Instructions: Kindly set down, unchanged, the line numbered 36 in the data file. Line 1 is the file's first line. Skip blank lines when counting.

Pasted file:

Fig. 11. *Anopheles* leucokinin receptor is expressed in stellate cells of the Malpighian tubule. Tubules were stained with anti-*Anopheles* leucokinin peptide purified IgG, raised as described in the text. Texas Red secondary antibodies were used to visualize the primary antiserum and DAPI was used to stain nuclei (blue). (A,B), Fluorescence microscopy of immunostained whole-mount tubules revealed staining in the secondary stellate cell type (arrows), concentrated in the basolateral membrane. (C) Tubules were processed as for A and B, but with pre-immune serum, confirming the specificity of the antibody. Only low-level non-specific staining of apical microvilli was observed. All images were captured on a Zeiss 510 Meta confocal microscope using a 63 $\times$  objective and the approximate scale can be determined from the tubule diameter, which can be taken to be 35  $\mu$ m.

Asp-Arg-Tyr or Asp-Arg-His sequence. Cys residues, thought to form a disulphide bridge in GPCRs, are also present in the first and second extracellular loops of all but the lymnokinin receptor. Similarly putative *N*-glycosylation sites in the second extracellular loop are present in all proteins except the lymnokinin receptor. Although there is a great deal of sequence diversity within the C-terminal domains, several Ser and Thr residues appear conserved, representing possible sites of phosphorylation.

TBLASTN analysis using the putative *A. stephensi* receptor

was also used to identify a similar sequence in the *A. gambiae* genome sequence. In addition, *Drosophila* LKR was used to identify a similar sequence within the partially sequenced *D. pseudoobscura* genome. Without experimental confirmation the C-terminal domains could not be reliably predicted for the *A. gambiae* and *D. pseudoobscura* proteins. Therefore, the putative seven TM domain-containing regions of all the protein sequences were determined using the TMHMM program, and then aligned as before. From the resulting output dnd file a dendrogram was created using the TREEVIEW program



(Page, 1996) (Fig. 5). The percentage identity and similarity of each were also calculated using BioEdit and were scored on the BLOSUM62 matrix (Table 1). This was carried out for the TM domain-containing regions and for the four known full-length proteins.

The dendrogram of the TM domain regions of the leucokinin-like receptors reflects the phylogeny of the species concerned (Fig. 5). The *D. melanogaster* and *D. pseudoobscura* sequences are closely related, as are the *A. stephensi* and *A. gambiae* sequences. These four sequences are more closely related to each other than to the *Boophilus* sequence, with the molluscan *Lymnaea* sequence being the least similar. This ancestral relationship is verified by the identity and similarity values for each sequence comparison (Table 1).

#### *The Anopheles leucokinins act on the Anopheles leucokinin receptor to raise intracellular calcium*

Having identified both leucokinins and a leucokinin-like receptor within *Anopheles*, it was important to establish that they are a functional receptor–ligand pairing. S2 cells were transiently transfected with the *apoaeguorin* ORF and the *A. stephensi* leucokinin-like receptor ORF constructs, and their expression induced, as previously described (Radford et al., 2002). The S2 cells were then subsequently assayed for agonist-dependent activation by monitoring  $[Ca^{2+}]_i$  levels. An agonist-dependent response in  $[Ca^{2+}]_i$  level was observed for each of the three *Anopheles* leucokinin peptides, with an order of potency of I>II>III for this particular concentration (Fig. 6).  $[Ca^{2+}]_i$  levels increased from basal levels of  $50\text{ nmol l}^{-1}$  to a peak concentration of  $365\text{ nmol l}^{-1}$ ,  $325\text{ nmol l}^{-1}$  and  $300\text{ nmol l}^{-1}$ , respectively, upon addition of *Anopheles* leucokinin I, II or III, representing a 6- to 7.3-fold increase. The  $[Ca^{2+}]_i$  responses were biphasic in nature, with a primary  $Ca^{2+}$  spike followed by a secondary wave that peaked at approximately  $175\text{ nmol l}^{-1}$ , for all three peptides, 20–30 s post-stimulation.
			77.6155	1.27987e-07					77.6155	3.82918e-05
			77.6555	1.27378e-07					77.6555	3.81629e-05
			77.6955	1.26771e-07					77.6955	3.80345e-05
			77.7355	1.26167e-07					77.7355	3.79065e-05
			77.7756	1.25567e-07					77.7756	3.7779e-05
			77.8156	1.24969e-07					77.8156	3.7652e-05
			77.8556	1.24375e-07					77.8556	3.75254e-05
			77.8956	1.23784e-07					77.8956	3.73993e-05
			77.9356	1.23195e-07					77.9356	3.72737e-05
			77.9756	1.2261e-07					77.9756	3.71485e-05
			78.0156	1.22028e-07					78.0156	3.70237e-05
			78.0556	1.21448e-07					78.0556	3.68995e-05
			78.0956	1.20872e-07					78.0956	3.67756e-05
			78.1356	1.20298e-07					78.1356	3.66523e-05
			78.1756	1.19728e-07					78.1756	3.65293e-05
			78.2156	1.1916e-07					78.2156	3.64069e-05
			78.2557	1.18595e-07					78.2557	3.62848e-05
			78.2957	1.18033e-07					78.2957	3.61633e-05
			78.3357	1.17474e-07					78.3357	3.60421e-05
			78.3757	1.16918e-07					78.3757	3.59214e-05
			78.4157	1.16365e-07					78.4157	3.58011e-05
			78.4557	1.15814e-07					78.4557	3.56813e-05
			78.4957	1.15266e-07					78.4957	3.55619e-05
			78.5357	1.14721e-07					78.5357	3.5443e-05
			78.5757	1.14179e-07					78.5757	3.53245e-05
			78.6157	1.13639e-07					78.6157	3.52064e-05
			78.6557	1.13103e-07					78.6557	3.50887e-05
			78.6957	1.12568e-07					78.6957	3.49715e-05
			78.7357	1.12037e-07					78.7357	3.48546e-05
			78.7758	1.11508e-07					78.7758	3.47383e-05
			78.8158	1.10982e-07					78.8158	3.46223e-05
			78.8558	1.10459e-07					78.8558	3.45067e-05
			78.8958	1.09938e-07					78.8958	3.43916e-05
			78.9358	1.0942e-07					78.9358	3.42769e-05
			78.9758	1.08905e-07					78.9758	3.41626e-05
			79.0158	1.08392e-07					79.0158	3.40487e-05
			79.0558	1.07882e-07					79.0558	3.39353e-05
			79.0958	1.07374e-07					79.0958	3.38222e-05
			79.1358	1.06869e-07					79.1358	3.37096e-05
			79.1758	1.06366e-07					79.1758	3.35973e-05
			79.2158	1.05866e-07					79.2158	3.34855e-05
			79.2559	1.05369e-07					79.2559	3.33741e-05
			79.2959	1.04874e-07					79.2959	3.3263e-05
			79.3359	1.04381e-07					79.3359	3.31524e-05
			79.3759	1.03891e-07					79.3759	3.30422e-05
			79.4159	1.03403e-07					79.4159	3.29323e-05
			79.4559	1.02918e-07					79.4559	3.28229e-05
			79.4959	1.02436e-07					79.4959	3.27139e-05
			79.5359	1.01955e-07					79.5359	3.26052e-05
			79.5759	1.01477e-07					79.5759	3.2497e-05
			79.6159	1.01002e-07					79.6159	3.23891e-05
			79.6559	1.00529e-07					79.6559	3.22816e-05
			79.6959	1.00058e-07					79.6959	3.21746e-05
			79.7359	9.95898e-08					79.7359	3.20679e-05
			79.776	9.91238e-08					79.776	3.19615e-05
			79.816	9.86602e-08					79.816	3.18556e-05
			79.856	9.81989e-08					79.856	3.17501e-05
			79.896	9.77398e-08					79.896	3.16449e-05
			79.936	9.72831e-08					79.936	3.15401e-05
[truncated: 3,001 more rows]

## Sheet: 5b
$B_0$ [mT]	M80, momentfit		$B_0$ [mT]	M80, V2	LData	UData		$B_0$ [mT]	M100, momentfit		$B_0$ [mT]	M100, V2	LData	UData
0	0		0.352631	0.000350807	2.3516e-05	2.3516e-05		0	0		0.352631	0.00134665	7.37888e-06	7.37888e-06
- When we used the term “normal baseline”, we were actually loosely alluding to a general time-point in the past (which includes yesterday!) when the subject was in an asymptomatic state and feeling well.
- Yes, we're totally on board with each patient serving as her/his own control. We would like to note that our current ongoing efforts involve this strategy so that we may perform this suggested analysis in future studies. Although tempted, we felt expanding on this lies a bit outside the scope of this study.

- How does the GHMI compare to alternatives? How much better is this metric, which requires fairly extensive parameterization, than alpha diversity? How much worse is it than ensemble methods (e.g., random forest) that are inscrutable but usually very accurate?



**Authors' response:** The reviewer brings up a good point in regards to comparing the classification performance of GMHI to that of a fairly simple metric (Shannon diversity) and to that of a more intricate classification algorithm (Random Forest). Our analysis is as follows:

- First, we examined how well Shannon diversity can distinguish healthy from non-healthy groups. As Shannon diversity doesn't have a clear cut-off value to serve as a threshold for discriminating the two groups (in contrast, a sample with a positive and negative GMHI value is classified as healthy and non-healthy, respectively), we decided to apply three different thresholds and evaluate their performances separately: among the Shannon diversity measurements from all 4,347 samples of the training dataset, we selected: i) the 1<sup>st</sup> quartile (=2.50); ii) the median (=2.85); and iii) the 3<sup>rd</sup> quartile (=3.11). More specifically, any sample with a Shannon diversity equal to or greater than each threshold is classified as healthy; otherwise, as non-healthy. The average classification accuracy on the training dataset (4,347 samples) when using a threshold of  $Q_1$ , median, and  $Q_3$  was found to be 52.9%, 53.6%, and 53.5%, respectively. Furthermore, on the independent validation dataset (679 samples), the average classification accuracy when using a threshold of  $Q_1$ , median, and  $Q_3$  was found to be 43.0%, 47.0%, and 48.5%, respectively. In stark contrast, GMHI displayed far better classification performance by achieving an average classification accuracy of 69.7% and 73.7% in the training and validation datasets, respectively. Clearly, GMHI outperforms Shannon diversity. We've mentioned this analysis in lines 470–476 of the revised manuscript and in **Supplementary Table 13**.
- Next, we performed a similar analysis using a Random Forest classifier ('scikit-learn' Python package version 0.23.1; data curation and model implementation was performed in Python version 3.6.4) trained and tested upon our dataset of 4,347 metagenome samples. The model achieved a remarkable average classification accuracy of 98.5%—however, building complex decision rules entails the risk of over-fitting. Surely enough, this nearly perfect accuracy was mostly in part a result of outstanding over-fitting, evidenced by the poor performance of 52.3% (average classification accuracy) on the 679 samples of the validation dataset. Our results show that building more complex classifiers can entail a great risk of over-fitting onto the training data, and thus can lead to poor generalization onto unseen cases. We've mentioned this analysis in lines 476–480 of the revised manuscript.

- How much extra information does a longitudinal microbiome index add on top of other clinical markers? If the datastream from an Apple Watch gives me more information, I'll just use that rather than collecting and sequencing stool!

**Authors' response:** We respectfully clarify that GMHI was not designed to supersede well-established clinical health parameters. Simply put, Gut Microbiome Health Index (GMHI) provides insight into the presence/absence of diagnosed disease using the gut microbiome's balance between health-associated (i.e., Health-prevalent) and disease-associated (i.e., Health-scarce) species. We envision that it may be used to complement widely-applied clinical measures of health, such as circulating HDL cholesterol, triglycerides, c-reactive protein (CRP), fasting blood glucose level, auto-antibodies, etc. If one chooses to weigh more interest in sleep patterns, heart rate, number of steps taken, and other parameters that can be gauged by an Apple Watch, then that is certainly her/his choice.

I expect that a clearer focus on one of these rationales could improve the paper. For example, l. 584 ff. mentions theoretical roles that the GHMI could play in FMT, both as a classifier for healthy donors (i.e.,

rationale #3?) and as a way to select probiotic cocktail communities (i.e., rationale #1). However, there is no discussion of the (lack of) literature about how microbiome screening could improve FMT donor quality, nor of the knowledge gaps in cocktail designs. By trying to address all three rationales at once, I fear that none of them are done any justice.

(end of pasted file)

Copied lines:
			78.6957	1.12568e-07					78.6957	3.49715e-05